Another term for high blood pressure is hypertension. Persistent pulmonary hypertension of the newborn (PPHN) is a life-threatening condition. Before birth, a baby’s blood circulates differently while in the uterus. With PPHN the baby does not change over from fetal to normal newborn circulation. Blood is forced away from the lungs due to high blood pressure in the arteries that go to the lungs. This decreases the body’s supply of oxygen.
PPHN can occur in both full-term and near-term infants, usually within 72 hours after birth. Some of the risk factors for this condition are:
If a baby has the symptoms listed above the doctor may order a cardiac ultrasound test to check the pathway of blood circulation. (Refer to the Helping Hand, Ultrasound Scan, HH-III-54.)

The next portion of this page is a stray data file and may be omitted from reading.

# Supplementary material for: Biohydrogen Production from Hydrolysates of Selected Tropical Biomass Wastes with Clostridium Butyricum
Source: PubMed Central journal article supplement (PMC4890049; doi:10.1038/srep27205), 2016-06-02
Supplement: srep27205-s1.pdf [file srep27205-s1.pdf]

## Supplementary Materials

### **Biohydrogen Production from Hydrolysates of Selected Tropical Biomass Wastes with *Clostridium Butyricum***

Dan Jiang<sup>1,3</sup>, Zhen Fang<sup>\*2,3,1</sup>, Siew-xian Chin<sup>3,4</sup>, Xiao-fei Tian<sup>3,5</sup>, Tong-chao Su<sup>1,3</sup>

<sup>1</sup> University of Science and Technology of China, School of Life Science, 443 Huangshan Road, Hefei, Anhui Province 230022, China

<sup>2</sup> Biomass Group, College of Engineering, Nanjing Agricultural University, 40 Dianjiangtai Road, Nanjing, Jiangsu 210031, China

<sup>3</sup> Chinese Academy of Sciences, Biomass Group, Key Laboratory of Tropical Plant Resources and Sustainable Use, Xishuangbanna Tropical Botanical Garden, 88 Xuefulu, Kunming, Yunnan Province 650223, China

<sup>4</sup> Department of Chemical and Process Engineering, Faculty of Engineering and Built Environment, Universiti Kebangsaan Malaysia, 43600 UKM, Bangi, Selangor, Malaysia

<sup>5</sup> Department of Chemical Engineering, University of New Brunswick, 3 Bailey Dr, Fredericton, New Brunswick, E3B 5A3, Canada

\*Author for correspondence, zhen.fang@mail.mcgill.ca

The goal of treatment is to improve oxygen levels in the blood, relax the blood vessels in the lungs and maintain a normal blood pressure. The baby is given oxygen and medicines and is kept quiet and warm.
-CPAP (Continuous Positive Air Pressure) – oxygen is given through tiny tubes placed in the nose.
-Ventilator - a machine that helps the baby to breathe
-High frequency ventilation - machine that delivers rapid, short bursts of oxygen.
Treatment for severe, life-threatening PPHN may involve treating with nitrous oxide or a procedure called ECMO. See the Helping Hand, ECMO (Extra Corporeal Membrane Oxygenation), HH-II-90. If ECMO is needed, your baby’s doctor will discuss this procedure with you and answer your questions.
HH-I-270 1/07 Copyright 2007, Nationwide Children’s Hospital